"For me, it's like this...," stated Efrain. "I'm a 19-year-old brothah, who's 'been QV' [open] for two years now, who's in college, in the closet to my family and boys. I sometimes have to go out with girls on dates to keep my two brothers and friends from suspecting about me. I go out to QV clubs with my fake ID. I meet guys who only want to kick it for the night, which sometimes is cool with me. And I seem to be a magnet [giggle] for locas. B-Boys come out on the scene rarely. Most of the Hip Hop headz I know who 'swing' never go near any QV clubs. It's too risky. They don't want to be clocked QV."

The problem B-boys or Cholos feel is that there is a stigma with being a QV B-boy or Cholo. According to them, the rest of the Latino community inflates them to be a bunch of Don Juan's-lovers who are great sex partners, have nine-inch uncut penises, are great kissers, are extremely overpossessive, and are jealous lovers who will beat you up if you try to leave them. This stereotype is often times over exaggerated, leaving them struggling to find committed relationships. "Everybody expects us to look like Greek gods and (to be) covered with tattoos under our baggy clothes. I know I don't have the best body. Sometimes, I can see the disappointment on their faces," stated Chino.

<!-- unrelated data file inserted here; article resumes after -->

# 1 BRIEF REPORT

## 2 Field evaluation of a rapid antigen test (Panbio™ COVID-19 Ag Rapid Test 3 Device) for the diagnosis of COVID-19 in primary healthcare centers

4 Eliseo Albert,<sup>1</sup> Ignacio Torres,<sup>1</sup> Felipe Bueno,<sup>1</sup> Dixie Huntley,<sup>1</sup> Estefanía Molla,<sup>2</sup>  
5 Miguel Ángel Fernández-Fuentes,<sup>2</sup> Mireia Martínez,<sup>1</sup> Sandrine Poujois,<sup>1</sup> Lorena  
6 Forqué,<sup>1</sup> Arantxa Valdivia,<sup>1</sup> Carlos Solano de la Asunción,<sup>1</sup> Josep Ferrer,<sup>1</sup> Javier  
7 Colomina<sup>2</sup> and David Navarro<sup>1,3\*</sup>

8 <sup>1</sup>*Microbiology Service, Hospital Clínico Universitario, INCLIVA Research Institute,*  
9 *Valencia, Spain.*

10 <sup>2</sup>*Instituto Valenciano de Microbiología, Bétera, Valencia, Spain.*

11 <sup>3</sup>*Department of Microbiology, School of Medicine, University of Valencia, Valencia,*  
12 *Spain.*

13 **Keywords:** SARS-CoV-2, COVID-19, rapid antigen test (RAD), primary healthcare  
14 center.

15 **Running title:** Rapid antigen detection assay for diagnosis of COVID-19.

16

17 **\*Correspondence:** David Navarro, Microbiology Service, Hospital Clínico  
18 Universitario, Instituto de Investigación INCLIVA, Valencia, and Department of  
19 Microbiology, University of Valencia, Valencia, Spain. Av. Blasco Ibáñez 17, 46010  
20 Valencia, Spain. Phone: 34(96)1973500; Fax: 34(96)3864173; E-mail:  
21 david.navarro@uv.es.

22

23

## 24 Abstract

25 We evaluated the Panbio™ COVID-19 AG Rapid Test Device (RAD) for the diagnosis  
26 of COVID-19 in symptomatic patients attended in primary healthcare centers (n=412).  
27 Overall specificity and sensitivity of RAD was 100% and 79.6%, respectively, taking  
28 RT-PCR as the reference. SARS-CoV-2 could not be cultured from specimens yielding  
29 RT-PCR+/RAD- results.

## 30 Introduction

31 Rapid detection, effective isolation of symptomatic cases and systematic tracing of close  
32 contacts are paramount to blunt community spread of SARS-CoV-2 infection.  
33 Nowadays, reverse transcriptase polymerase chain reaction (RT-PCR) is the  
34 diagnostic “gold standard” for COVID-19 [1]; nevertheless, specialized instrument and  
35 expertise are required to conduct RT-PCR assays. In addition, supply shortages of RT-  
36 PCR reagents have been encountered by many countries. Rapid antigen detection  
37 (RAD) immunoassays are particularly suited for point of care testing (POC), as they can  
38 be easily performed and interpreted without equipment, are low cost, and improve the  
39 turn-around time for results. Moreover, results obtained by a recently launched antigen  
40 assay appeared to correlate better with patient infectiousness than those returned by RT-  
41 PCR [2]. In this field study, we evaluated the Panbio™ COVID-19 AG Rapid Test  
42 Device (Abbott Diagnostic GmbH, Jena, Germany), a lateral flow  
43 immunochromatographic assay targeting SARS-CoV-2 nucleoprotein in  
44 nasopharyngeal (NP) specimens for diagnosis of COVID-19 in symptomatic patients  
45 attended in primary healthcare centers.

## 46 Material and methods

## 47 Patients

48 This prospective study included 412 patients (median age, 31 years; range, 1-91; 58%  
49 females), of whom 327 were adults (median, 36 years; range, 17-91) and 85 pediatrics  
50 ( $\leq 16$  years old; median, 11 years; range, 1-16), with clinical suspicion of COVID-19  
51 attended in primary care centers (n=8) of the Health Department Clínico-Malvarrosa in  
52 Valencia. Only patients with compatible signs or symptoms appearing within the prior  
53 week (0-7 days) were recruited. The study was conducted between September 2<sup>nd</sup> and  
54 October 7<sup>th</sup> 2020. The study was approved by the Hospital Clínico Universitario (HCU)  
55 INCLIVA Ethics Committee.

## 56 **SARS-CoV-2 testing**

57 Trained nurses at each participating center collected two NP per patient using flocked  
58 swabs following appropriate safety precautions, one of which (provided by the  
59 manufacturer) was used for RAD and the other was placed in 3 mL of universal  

Why are you a Hip Hop Head and not something else?

"Like what?" Efrain asked. "I am who I am period."

"I believe that we came out the way we are-that is B-boys and Cholos-because we are products of our environment. Living in the barrio and growing up in these streets is what made us who we are. We are not preppy because we don't want to be. We are who we are because that is how our environment molded us to be. The fact that we are all QV has nothing to do with who we are as Cholos, B-boys, Hip Hop headz, or whatever you want to call us," stated Rodolfo.

"Like Rudy said, we are who we are because of the music we listen to, the people we hang out with, the culture that we grew up on-which is an urban, Latino Hip Hop culture," continued Danny.

 

Can Hip Hop headz fall in love?

"Yo, I'm just trying to keep it real, and in the process, find a papi chulo to settle down with... and hell yeah...falling in love will make it more buttahz!" concluded Chino.


Dozens more photos, including our popular "Latinos in da House" Section,

appear in the print version of QV!!!